Criticism of ProPublica’s Surgical Scorecard fails to consider the possibility of real, useful analytics.

From https://projects.propublica.org/surgeons/

Last week, ProPublica published a scorecard of surgical death and complication rates of more than 17,000 surgeons  for 8 elective procedures using Medicare data.  As with prior releases of health care performance metrics, the response against such “transparency” was swift and bitter.  Among those many responses is a thoughtful blog post entitled “After Transparency: Morbidity Hunter MD joins Cherry Picker MD” by Saurabh Jha, MD in The Health Care Blog.  Definitely worth your time to read.

But, although it is a clever bit of commentary, it implicitly presents a false choice between using data and not using data.

In my opinion, the decision should be conceptualized as:
  • Option 1: Not using data (and relying instead on subjective assessment or chance)
  • Option 2: Using reported metrics, interpreted by people who lack the talent and training to understand the limitations of the metrics and the methods that can address some of those limitations, and
  • Option 3: Using data, interpreted through analysis, conducted by and interpreted with the aid of people with such analytic talent and training.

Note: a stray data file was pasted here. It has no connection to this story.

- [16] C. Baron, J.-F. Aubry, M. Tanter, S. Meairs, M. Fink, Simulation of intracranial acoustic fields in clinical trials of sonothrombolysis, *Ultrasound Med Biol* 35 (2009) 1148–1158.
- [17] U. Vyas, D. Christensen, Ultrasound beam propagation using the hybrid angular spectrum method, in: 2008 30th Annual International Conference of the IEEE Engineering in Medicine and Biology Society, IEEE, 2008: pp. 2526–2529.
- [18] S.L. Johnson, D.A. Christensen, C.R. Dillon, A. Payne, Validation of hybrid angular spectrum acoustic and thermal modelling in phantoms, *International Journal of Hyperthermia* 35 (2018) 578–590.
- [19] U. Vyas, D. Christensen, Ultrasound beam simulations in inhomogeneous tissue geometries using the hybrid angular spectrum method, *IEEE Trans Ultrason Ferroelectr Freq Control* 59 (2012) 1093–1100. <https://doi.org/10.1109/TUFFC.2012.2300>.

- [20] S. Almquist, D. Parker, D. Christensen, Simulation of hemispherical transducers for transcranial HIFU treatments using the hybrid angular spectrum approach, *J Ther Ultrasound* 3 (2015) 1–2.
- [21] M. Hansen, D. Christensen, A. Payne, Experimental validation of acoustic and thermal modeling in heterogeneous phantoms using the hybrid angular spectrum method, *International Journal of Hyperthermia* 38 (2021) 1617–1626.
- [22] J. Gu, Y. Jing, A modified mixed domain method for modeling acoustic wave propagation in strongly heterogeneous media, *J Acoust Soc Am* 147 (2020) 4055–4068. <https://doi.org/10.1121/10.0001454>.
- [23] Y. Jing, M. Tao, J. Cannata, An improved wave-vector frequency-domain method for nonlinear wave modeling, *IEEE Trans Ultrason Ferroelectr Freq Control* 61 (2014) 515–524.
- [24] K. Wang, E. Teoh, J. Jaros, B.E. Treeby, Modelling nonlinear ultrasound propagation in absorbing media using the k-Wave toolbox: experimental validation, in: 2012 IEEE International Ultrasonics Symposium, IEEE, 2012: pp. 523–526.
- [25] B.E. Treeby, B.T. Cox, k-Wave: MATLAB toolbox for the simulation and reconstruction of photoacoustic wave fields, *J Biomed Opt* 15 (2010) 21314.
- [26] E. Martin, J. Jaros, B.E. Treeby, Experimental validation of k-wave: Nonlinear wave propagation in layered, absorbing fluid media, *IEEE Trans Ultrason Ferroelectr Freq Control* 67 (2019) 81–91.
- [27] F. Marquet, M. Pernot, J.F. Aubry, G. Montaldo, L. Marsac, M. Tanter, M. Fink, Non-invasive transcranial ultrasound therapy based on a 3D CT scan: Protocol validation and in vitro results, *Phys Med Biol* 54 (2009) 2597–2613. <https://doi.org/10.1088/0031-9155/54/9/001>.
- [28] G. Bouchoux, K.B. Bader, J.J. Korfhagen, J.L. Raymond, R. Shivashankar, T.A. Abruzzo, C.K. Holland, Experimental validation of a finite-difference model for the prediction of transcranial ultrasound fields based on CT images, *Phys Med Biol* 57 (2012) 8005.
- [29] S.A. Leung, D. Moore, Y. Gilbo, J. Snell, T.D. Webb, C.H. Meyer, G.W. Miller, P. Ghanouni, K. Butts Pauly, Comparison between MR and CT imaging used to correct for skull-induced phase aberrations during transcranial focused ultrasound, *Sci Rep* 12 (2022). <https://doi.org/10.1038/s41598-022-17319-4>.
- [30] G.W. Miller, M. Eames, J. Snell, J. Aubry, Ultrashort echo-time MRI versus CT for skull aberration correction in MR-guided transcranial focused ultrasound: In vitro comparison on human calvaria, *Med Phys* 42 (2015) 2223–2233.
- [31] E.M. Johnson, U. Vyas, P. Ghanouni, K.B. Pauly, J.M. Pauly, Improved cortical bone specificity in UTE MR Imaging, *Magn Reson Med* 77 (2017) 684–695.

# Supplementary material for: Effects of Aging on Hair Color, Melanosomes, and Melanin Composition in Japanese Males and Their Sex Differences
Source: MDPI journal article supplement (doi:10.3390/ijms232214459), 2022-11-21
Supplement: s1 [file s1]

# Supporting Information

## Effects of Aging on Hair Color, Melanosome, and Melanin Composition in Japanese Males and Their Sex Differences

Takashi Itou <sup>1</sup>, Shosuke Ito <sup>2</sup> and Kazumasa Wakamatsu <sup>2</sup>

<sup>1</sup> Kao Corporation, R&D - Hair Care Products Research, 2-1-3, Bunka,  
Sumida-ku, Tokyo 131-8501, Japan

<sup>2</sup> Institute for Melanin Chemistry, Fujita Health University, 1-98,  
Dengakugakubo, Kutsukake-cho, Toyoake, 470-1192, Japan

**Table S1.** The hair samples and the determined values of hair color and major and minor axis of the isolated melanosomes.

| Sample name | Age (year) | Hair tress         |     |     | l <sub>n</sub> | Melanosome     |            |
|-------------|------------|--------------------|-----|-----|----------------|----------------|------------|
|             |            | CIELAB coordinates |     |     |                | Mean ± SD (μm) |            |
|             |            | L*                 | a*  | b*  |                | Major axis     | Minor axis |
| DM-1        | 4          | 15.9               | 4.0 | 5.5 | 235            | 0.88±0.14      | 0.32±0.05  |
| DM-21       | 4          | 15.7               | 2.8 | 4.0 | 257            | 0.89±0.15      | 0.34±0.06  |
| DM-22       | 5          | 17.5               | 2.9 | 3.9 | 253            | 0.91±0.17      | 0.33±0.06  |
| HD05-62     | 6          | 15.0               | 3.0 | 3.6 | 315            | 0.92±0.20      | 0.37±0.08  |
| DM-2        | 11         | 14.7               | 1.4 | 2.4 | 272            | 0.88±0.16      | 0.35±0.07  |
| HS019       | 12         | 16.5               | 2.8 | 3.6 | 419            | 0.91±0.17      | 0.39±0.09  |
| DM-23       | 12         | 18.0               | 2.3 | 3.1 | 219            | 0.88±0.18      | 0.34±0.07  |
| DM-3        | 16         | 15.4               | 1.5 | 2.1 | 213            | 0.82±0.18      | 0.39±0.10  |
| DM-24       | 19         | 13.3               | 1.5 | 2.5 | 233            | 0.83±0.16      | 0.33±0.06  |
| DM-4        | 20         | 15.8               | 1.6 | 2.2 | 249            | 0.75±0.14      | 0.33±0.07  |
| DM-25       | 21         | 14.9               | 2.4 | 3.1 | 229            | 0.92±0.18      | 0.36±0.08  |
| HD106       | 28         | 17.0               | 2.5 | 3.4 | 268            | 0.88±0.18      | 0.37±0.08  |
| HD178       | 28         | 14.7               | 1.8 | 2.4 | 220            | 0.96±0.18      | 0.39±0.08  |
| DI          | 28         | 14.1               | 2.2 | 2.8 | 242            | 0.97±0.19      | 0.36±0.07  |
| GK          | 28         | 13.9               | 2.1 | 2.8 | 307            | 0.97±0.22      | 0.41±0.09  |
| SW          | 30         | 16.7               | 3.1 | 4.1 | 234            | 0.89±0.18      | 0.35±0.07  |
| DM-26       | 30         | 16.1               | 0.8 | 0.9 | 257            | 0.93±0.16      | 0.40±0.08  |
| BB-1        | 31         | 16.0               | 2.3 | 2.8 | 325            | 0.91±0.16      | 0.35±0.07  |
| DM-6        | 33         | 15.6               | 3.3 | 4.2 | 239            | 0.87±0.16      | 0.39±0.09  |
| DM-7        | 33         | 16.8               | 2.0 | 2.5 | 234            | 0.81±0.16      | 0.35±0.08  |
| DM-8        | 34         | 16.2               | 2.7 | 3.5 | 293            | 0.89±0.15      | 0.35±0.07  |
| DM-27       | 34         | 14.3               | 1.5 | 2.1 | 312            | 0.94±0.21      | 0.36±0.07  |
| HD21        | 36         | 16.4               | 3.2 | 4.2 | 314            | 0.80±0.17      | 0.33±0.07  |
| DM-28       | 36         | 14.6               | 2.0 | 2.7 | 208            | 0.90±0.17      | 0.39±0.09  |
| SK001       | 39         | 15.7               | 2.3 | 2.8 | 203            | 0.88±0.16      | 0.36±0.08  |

By talent and training, I don’t mean technology mavens.  Keep your business intelligence professionals, data miners, “big data” experts, and most that claim the fashionable title of “data scientist.” I mean people that have training in epidemiology, biostatistics, health economics and other social science disciplines, and that have sufficient knowledge of health care.  People that can conceptualize theories of cause and effect. People that understand bias and variation.  People that can tell an interesting and actionable story supported by data, rather than just generate a “dashboard” or “score card.”  And, they must be people who have integrity and who are free of conflicts of interest that could prevent them from telling stories that are true.

Before anyone writes off option #3 as idealistic and infeasible, we should at least take the time to think through how we might make it work.

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